Faulkerson credits three cycles — the comprehensive roughing, parallel lace and flow surface cycles — with helping him to increase overall efficiency and toolpath quality.

Comprehensive use of the roughing cycle can rough an entire part within one operation, eliminating numerous lines of G-code.

Sometimes referred to as “scanning,” the parallel lace cycle entails applying a series of parallel toolpaths applied to the 3D model to produce a finished part. It can also be utilized with depths of cut to produce a roughing cycle.

The flow surface cycle follows surface flow to deliver improved surface finishes, in addition to helical support to reduce link moves. It also offers multiple-face support, which makes the cycle ideal for machining fillets and 3D surfaces.

“I was simply amazed at the ease of initially roughing a complex shaped part with a single SURFCAM roughing cycle. All I had to do was select an appropriate milling cutter, set feeds, speeds and depth of cut, select the 3D model, and it rough machined the entire part,” Faulkerson says. “The beauty of the flow surface is that you can have any type of surface between two curves or shapes that bound the surface and it will simply machine them. You have the ability to control the toolpath like never before.”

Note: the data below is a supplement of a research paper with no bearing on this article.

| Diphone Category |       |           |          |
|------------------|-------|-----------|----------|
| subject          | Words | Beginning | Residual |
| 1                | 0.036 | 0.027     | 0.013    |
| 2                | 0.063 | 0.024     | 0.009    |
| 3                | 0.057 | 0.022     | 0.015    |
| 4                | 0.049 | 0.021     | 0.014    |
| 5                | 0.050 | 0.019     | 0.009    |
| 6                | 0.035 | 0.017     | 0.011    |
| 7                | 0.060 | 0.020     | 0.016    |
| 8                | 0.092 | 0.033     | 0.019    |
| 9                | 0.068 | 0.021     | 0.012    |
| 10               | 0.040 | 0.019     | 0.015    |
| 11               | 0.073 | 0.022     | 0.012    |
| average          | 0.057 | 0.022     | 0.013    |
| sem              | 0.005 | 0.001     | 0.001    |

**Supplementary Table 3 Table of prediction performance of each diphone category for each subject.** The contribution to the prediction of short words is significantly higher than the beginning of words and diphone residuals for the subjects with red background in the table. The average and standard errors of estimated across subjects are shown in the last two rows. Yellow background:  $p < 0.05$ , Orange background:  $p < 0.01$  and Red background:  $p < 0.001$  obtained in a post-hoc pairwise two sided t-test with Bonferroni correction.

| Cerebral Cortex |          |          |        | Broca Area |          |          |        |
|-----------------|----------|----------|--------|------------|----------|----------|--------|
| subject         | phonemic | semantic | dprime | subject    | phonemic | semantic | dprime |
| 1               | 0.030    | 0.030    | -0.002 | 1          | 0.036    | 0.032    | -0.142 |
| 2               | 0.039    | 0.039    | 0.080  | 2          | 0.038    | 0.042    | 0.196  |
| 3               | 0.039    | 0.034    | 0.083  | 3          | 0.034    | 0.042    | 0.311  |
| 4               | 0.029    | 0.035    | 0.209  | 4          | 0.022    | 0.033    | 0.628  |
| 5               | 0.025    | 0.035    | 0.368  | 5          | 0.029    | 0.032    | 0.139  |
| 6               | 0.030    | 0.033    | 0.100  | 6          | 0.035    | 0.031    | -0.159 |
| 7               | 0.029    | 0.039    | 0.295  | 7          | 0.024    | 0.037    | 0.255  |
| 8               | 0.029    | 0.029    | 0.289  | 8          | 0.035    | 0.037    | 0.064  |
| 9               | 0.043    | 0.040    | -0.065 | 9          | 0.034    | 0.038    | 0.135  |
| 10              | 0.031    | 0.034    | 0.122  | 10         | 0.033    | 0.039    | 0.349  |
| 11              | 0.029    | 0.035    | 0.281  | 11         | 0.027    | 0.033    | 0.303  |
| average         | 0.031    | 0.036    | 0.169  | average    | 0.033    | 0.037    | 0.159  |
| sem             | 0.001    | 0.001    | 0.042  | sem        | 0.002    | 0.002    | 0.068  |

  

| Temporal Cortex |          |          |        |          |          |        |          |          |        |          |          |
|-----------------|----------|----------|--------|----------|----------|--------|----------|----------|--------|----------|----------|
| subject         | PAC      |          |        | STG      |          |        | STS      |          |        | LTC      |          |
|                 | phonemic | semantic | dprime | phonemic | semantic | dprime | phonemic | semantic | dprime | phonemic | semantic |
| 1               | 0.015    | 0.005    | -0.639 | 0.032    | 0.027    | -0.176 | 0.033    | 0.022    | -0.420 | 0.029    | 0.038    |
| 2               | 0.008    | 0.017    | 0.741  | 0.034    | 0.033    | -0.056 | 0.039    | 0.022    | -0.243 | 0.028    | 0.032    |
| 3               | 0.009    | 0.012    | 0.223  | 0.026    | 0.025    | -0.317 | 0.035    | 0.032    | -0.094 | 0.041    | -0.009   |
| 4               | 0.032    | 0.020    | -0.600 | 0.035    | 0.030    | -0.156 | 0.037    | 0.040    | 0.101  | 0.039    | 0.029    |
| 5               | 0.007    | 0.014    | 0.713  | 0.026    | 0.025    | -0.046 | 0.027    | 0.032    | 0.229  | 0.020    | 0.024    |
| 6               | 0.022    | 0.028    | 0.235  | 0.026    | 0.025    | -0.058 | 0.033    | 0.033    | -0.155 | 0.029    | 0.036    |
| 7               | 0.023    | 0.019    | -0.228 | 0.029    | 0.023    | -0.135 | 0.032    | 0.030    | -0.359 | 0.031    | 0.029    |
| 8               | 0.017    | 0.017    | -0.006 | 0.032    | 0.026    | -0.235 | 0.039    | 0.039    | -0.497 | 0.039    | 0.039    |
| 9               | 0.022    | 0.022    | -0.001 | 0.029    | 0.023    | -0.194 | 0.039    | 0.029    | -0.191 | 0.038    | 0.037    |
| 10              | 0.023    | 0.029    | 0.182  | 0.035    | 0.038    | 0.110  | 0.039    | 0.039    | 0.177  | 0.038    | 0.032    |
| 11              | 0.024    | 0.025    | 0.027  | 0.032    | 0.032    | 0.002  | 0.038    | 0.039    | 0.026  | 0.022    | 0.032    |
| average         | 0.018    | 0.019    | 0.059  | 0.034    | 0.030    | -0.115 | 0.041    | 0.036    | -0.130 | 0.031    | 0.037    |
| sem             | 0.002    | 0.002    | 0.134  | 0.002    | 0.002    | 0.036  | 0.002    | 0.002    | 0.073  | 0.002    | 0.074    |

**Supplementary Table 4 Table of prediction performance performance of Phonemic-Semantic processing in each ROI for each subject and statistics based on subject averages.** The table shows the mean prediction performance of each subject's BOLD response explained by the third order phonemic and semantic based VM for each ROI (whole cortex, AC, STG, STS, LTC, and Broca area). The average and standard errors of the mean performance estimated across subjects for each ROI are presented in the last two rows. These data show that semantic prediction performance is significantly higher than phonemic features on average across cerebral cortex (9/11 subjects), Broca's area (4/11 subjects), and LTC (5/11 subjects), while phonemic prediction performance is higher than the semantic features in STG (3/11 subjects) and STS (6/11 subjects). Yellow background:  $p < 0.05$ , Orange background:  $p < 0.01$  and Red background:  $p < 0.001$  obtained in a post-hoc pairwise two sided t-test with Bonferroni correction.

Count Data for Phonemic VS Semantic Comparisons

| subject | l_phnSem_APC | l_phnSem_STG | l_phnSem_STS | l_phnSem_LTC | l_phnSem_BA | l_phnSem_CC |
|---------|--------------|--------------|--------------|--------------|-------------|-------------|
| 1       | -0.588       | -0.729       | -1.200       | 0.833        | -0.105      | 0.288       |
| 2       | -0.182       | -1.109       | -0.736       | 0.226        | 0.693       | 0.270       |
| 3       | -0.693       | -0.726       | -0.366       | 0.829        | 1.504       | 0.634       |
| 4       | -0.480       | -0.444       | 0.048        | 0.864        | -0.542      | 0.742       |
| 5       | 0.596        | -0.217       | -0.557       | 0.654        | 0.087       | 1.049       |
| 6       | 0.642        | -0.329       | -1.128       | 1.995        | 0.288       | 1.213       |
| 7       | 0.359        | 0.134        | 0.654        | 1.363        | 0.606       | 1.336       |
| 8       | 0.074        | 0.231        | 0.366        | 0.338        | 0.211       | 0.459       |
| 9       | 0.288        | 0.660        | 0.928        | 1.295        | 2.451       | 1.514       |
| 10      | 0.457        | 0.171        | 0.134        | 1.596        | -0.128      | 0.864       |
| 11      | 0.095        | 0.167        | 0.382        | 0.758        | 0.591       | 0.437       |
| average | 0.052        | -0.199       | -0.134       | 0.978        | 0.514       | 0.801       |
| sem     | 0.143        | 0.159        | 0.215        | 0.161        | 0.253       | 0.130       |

About the Company

Name: Advanced Design Technologies, LLC

Business: Manufacturing of top fuel hydroplane drag boat transmissions and custom parts


Benefits Achieved

  • Ability to generate toolpath that conforms to complex shapes
  • Ability to rough entire parts in single operations
  • Efficiency gained in being able to use one CAM system for all machining needs


“The SURFCAM toolpath has the ability to conform to unusual 3D shapes, and SURFCAM can cut those shapes efficiently. A few of the toolpaths are astonishing in machining the rear case on the W-Drive.”

James Faulkerson, owner